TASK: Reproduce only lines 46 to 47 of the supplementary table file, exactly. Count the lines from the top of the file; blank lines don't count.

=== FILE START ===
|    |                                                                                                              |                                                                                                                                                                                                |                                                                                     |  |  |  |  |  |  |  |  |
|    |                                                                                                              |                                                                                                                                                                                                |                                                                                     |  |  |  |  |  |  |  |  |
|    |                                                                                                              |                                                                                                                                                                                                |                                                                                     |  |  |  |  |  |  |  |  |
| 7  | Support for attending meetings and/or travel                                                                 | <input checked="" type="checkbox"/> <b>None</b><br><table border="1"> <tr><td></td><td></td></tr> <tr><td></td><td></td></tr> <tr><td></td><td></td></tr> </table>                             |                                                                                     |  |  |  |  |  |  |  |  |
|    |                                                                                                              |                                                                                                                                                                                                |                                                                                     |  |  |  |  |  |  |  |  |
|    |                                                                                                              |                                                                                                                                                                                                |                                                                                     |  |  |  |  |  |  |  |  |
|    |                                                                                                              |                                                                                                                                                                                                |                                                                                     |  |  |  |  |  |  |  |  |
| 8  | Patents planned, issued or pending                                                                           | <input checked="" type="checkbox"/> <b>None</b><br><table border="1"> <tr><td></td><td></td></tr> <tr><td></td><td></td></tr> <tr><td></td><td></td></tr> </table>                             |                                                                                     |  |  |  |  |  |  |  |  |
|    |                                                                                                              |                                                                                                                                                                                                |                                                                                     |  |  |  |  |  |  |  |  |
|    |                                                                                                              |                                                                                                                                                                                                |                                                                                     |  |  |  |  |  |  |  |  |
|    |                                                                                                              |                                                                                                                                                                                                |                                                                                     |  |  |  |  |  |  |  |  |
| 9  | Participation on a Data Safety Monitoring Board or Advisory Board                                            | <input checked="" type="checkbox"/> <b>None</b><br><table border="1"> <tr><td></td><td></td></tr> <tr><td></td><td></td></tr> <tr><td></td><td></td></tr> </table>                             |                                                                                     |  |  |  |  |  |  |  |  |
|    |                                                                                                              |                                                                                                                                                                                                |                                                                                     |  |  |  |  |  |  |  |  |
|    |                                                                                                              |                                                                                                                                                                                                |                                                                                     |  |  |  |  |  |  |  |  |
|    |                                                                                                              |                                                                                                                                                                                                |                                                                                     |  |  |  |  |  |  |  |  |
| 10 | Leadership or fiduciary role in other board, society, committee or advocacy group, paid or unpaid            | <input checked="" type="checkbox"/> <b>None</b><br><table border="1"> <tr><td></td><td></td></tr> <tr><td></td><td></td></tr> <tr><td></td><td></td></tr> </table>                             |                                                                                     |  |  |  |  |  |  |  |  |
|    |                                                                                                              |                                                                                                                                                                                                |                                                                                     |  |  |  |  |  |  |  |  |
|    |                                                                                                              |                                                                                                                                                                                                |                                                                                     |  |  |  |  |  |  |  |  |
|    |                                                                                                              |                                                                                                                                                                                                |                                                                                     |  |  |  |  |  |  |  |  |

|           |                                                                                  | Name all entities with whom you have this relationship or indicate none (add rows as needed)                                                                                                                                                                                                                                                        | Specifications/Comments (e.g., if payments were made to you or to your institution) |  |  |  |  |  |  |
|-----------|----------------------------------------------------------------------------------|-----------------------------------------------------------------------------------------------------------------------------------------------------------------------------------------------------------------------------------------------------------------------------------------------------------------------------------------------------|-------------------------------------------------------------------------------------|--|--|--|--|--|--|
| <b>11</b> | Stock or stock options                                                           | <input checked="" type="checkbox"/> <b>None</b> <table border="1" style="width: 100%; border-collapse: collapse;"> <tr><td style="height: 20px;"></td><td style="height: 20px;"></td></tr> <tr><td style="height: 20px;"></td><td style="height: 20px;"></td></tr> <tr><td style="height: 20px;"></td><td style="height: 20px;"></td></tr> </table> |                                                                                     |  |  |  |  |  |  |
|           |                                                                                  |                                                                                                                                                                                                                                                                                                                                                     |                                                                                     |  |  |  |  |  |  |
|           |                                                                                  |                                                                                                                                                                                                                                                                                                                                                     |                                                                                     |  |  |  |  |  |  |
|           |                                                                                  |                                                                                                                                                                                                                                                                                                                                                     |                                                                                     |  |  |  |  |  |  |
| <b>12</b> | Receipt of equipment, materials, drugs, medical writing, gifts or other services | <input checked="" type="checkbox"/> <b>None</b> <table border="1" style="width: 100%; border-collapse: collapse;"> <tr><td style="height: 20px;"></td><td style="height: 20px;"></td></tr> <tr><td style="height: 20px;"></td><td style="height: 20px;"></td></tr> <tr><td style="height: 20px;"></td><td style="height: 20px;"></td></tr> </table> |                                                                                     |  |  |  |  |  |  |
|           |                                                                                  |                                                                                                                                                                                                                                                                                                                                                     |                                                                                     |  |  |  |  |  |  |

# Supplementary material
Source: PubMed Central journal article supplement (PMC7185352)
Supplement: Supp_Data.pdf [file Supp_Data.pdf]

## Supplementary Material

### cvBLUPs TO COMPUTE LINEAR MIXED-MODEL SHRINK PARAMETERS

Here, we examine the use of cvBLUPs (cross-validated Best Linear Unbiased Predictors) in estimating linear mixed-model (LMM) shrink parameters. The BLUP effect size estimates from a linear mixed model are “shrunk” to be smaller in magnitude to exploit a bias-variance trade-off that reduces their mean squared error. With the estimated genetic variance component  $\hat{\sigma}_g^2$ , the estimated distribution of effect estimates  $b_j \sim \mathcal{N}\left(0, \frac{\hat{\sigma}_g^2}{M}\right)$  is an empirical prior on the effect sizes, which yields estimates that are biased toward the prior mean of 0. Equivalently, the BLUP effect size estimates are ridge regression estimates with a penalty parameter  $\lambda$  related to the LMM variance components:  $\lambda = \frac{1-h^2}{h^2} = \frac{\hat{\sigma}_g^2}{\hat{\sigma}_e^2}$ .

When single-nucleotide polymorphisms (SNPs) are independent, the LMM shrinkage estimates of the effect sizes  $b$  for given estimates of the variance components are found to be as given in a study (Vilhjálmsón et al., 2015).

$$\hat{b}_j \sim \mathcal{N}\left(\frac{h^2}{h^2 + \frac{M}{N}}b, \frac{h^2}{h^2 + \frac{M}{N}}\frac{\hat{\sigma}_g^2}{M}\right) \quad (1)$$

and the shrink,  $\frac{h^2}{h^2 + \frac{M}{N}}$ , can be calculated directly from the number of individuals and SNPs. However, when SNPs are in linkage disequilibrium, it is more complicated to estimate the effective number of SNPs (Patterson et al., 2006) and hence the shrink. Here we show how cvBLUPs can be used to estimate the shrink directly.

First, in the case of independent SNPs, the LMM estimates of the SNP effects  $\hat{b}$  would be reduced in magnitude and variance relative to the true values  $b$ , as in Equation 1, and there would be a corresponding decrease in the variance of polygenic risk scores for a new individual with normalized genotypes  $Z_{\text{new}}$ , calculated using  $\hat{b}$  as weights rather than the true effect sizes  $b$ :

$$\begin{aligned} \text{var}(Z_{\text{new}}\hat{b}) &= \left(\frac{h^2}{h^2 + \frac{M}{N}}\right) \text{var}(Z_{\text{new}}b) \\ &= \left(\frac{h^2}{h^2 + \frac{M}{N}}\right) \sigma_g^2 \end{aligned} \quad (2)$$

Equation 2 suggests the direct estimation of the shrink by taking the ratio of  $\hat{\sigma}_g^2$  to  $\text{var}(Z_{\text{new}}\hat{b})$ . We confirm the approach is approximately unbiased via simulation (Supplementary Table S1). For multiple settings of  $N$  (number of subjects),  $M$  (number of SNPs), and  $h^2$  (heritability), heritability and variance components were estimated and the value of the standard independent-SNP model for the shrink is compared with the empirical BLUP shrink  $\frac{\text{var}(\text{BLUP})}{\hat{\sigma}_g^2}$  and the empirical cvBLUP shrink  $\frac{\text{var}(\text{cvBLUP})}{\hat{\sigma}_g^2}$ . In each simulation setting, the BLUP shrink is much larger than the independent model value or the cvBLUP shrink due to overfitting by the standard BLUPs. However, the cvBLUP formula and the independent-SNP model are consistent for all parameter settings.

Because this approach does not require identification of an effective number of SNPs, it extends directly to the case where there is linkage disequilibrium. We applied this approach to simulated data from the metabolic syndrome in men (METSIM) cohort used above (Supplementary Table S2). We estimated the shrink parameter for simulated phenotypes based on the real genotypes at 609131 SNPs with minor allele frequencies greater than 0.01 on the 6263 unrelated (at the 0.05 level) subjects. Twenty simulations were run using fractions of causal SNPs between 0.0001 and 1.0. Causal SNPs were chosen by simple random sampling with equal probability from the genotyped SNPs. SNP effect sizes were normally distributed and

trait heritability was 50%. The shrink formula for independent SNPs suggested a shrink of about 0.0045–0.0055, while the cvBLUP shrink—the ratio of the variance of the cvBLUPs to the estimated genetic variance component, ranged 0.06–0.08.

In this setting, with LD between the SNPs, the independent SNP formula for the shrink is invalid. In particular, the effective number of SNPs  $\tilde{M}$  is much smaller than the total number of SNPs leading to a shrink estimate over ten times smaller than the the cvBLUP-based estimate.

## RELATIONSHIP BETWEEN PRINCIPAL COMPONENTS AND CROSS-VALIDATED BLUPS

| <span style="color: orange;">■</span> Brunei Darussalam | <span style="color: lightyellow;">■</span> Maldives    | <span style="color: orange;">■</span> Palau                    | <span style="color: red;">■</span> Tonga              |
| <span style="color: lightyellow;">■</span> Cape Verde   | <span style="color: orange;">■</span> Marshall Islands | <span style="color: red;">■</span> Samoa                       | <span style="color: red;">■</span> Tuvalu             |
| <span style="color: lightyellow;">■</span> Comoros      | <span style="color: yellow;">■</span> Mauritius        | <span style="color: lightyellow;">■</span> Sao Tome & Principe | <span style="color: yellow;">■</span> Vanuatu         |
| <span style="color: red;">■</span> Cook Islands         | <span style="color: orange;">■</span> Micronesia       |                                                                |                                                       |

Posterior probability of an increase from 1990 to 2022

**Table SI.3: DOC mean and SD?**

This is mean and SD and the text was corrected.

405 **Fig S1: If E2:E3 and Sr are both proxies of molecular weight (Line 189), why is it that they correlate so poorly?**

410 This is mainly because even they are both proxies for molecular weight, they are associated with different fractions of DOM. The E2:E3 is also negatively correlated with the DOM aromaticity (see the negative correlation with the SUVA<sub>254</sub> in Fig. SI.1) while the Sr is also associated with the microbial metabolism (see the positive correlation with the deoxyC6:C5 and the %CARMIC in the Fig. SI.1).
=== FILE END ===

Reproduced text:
| <span style="color: lightyellow;">■</span> Comoros      | <span style="color: yellow;">■</span> Mauritius        | <span style="color: lightyellow;">■</span> Sao Tome & Principe | <span style="color: yellow;">■</span> Vanuatu         |
| <span style="color: red;">■</span> Cook Islands         | <span style="color: orange;">■</span> Micronesia       |                                                                |                                                       |